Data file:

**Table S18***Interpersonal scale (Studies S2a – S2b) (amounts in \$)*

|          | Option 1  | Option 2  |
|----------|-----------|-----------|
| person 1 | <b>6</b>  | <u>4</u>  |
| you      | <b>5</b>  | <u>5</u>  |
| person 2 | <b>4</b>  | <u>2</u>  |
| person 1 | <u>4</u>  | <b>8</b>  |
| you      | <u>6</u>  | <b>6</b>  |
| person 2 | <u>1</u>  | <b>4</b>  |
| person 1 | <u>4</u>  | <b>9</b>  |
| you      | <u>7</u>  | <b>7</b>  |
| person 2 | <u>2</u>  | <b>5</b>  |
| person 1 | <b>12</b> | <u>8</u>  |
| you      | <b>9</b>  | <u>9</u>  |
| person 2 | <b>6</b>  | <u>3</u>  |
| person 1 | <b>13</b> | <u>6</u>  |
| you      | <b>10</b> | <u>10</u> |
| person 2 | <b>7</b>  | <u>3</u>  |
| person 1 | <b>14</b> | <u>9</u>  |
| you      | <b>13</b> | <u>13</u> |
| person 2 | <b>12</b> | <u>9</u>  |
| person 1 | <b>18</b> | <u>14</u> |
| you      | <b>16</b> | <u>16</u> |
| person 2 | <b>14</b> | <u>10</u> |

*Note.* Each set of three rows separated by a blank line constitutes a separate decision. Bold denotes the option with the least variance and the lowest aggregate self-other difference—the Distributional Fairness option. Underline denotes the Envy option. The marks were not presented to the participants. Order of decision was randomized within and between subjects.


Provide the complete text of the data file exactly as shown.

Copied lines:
**Table S18***Interpersonal scale (Studies S2a – S2b) (amounts in \$)*

|          | Option 1  | Option 2  |
|----------|-----------|-----------|
| person 1 | <b>6</b>  | <u>4</u>  |
| you      | <b>5</b>  | <u>5</u>  |
| person 2 | <b>4</b>  | <u>2</u>  |
| person 1 | <u>4</u>  | <b>8</b>  |
| you      | <u>6</u>  | <b>6</b>  |
| person 2 | <u>1</u>  | <b>4</b>  |
| person 1 | <u>4</u>  | <b>9</b>  |
| you      | <u>7</u>  | <b>7</b>  |
| person 2 | <u>2</u>  | <b>5</b>  |
| person 1 | <b>12</b> | <u>8</u>  |
| you      | <b>9</b>  | <u>9</u>  |
| person 2 | <b>6</b>  | <u>3</u>  |
| person 1 | <b>13</b> | <u>6</u>  |
| you      | <b>10</b> | <u>10</u> |
| person 2 | <b>7</b>  | <u>3</u>  |
| person 1 | <b>14</b> | <u>9</u>  |
| you      | <b>13</b> | <u>13</u> |
| person 2 | <b>12</b> | <u>9</u>  |
| person 1 | <b>18</b> | <u>14</u> |
| you      | <b>16</b> | <u>16</u> |
| person 2 | <b>14</b> | <u>10</u> |

*Note.* Each set of three rows separated by a blank line constitutes a separate decision. Bold denotes the option with the least variance and the lowest aggregate self-other difference—the Distributional Fairness option. Underline denotes the Envy option. The marks were not presented to the participants. Order of decision was randomized within and between subjects.